Erica Johnson says she doesn't want what happened to her grandson to ever happen to another child and parents need to be educated about walking around with what she calls a ball of poison that could be deadly.
One-year-old Alexander Klienschmidt has spent the last 10 days in the intensive care unit in a Minnesota hospital after his family says he mistook these tide pods for candy.
The family of 15-mont-old Dakari Byrd says he did the same on September 15th.
"He started to turn blue, he got lethargic, then his chest filled with fluid," said Erica Johnson, grandmother.
For the first eight months of the year, there were more than 8,700 reports of these incidents-- about 450 more cases than all of 2012.
Erica Johnson is Dakari's grandmother and is now taking on the biggest makers of detergent pods, Proctor & Gamble. She is demanding they stop making their pods look like children's candy and wrap each pod in an individually.
She has started an online petition and so far has received 34,000 signatures.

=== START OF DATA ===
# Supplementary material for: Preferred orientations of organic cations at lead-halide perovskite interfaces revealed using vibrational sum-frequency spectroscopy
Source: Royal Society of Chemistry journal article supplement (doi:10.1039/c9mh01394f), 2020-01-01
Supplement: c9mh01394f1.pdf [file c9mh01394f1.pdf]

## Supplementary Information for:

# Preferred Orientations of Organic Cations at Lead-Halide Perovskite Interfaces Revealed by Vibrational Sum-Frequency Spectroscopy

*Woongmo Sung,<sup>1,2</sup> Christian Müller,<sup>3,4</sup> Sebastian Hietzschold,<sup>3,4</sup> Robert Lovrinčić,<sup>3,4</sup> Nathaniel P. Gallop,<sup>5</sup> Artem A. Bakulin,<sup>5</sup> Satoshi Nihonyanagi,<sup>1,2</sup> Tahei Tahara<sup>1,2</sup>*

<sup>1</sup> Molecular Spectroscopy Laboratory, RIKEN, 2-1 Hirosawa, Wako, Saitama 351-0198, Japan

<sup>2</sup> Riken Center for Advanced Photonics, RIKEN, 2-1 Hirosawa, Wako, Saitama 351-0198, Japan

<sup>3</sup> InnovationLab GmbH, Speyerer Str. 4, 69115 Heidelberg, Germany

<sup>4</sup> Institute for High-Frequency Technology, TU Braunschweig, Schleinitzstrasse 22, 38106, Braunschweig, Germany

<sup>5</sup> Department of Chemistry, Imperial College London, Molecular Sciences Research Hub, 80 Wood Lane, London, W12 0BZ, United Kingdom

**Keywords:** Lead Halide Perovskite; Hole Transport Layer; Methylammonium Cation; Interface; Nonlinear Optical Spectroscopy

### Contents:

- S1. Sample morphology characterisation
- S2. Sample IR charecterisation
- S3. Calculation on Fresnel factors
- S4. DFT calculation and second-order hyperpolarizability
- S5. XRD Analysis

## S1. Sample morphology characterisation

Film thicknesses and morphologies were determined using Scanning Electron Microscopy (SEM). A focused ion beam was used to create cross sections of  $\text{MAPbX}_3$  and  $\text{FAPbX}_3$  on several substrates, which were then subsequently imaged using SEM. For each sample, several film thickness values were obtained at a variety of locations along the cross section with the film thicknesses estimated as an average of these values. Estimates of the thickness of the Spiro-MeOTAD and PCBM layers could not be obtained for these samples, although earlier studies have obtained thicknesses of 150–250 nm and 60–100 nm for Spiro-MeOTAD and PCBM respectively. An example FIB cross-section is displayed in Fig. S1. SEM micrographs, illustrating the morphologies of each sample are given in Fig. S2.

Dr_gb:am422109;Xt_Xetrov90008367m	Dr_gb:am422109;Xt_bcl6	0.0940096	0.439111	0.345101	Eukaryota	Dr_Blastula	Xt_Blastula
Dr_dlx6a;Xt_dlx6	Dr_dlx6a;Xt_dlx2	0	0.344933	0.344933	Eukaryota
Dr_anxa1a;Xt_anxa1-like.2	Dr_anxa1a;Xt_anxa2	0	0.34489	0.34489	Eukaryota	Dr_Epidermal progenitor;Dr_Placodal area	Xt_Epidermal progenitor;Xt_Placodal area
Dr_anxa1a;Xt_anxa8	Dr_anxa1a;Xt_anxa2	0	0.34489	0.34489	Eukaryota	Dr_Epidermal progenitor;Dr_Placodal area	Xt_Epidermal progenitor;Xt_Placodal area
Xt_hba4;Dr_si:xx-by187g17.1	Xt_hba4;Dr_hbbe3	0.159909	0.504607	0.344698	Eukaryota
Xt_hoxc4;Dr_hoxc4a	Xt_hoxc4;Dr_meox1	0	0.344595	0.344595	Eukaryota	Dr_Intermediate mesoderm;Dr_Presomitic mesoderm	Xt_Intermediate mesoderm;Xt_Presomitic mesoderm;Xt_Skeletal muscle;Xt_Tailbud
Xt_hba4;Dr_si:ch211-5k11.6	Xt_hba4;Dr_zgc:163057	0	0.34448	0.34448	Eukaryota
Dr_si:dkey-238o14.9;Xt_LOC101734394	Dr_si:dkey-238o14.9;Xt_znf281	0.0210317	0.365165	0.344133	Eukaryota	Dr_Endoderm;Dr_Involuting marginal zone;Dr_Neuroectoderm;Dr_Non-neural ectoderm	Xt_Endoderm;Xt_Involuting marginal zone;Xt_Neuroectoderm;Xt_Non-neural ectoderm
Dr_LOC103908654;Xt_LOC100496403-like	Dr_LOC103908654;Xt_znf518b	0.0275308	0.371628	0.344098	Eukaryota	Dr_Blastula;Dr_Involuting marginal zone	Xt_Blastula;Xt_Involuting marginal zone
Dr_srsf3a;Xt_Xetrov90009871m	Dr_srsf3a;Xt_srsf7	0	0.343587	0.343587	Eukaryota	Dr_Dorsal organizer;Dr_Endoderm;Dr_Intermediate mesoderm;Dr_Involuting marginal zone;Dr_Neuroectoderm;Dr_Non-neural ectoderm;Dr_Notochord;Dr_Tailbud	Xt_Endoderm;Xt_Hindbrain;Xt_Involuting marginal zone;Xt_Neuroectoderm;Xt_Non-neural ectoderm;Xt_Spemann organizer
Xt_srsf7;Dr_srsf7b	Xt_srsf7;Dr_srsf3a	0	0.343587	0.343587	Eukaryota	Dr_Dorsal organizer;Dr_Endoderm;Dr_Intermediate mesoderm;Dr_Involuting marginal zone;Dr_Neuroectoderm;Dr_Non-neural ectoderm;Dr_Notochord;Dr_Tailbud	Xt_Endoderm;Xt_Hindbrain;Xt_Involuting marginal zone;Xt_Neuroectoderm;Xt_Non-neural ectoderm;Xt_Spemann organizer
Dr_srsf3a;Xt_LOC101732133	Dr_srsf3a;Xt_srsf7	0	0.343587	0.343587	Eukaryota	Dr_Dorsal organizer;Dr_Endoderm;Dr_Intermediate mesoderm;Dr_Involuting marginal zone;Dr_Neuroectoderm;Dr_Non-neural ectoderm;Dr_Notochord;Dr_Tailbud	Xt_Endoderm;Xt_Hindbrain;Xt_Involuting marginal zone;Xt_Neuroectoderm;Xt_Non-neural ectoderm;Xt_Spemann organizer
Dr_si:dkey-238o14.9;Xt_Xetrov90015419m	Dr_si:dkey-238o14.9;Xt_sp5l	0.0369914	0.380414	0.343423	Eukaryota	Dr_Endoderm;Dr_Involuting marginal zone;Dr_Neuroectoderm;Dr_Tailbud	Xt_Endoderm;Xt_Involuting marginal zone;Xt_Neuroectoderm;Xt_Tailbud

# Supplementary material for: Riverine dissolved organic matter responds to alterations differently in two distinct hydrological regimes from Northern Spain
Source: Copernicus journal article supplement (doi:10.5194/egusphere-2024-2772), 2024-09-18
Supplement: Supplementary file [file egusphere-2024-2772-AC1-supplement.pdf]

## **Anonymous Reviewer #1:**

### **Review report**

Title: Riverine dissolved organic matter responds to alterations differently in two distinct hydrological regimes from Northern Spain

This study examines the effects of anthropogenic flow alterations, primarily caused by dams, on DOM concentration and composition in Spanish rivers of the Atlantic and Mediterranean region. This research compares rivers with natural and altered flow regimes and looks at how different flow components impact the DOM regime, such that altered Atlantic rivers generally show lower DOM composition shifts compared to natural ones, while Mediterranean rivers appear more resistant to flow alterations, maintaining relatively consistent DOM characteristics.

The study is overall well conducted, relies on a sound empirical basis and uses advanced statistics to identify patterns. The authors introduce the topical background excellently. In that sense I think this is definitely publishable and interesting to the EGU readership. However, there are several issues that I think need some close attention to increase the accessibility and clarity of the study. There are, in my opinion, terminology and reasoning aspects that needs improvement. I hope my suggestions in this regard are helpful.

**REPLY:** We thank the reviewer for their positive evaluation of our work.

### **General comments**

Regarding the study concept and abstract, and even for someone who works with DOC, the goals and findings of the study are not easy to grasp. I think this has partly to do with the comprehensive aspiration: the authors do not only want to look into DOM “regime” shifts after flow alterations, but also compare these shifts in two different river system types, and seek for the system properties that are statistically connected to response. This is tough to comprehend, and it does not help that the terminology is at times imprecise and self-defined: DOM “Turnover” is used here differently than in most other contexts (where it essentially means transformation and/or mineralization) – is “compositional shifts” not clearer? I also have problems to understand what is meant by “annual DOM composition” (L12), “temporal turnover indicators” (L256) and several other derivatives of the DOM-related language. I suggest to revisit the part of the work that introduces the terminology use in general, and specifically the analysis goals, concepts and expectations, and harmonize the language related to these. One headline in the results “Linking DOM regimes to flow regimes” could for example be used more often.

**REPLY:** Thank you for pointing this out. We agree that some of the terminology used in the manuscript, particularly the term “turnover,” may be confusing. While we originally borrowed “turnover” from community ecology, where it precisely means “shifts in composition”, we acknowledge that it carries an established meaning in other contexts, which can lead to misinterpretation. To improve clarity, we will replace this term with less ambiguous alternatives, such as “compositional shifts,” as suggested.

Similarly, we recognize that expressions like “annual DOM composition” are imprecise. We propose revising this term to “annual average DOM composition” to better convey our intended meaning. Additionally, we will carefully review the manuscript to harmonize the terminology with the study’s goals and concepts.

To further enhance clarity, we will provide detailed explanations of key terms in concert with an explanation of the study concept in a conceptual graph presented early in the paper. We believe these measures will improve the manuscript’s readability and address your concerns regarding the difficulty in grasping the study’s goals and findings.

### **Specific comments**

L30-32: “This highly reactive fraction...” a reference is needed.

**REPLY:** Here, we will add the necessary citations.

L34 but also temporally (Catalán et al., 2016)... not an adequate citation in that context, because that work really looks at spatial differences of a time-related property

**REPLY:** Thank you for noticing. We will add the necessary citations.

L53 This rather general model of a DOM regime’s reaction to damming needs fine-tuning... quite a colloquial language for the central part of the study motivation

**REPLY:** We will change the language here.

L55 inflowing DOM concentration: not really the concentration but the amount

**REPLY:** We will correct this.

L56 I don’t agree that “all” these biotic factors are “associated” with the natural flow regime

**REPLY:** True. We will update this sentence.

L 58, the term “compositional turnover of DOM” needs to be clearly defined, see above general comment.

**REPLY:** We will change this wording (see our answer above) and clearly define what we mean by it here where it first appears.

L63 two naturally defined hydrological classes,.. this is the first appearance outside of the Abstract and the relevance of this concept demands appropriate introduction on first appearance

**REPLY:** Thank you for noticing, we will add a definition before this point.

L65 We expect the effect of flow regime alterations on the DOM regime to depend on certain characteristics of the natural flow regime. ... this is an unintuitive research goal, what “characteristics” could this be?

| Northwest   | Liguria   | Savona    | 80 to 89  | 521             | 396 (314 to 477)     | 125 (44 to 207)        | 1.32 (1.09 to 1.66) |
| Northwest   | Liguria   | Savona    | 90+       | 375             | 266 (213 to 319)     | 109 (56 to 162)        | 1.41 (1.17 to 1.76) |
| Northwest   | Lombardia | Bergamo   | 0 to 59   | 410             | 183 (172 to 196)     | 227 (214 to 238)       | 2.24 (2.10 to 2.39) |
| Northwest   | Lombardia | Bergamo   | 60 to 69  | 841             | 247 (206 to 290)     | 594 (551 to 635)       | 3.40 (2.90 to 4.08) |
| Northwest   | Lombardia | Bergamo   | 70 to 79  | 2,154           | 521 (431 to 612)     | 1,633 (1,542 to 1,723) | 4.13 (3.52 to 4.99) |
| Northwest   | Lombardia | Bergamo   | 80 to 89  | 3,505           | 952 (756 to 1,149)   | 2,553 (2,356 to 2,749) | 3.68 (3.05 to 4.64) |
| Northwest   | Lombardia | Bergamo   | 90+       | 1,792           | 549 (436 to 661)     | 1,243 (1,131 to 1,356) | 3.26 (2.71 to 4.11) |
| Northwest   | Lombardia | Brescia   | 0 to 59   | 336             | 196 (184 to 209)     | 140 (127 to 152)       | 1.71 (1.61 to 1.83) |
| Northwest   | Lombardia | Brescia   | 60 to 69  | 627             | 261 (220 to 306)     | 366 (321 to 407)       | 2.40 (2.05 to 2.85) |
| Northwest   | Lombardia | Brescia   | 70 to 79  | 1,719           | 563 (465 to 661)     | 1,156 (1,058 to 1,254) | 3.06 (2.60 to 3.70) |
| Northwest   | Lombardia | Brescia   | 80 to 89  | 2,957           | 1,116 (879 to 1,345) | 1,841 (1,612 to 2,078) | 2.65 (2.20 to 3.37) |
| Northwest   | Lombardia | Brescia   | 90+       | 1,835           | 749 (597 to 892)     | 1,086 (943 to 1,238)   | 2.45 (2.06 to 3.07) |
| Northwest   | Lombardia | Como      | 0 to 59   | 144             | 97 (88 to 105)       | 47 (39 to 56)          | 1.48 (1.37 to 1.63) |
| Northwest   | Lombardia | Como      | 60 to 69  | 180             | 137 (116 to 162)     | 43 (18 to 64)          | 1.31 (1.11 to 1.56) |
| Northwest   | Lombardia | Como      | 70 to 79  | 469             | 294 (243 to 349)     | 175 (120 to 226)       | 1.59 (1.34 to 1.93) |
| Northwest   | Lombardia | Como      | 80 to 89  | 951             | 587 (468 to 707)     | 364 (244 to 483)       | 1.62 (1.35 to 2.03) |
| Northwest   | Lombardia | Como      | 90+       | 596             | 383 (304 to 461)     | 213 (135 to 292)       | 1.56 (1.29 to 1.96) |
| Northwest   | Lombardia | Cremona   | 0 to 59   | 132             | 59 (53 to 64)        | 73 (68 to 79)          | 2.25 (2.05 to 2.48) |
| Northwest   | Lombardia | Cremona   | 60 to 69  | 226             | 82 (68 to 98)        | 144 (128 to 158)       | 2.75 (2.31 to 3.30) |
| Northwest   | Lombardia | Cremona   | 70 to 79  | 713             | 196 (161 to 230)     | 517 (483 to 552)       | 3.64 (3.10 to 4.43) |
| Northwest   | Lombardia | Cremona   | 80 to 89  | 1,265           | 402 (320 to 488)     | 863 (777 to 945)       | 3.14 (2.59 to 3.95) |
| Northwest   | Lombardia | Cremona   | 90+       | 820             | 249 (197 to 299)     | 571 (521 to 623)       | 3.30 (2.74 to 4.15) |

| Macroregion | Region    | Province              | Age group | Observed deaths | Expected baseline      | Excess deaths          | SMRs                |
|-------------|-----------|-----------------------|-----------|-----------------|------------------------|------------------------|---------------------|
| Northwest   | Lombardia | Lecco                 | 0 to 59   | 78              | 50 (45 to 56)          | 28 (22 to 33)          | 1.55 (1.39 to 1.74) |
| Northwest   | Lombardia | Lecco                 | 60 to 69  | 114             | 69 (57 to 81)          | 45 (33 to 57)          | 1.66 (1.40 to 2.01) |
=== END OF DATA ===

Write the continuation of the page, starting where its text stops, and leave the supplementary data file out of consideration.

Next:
"Having the extra layer of protection could prevent children like Dakari from getting at it, it would actually give parents a chance to intervene," said Johnson.
Proctor & Gamble has already changed its packing twice, most recently in July.
Some had complained that the old containers looked too much like candy jars.
The containers are no longer see through and warning labels have been increased.
Proctor & Gamble released a statement saying the company has no plans to make any additional changes and "we're confident in the positive impact of the many actions we've taken."
"Tide needs to do more," said Johnson.
Johnson says her grandson undergoes daily nebulizer treatments and has to visit a respiratory therapist regularly. She says since the product has been on the market for only two years, there is no data on long-term damage.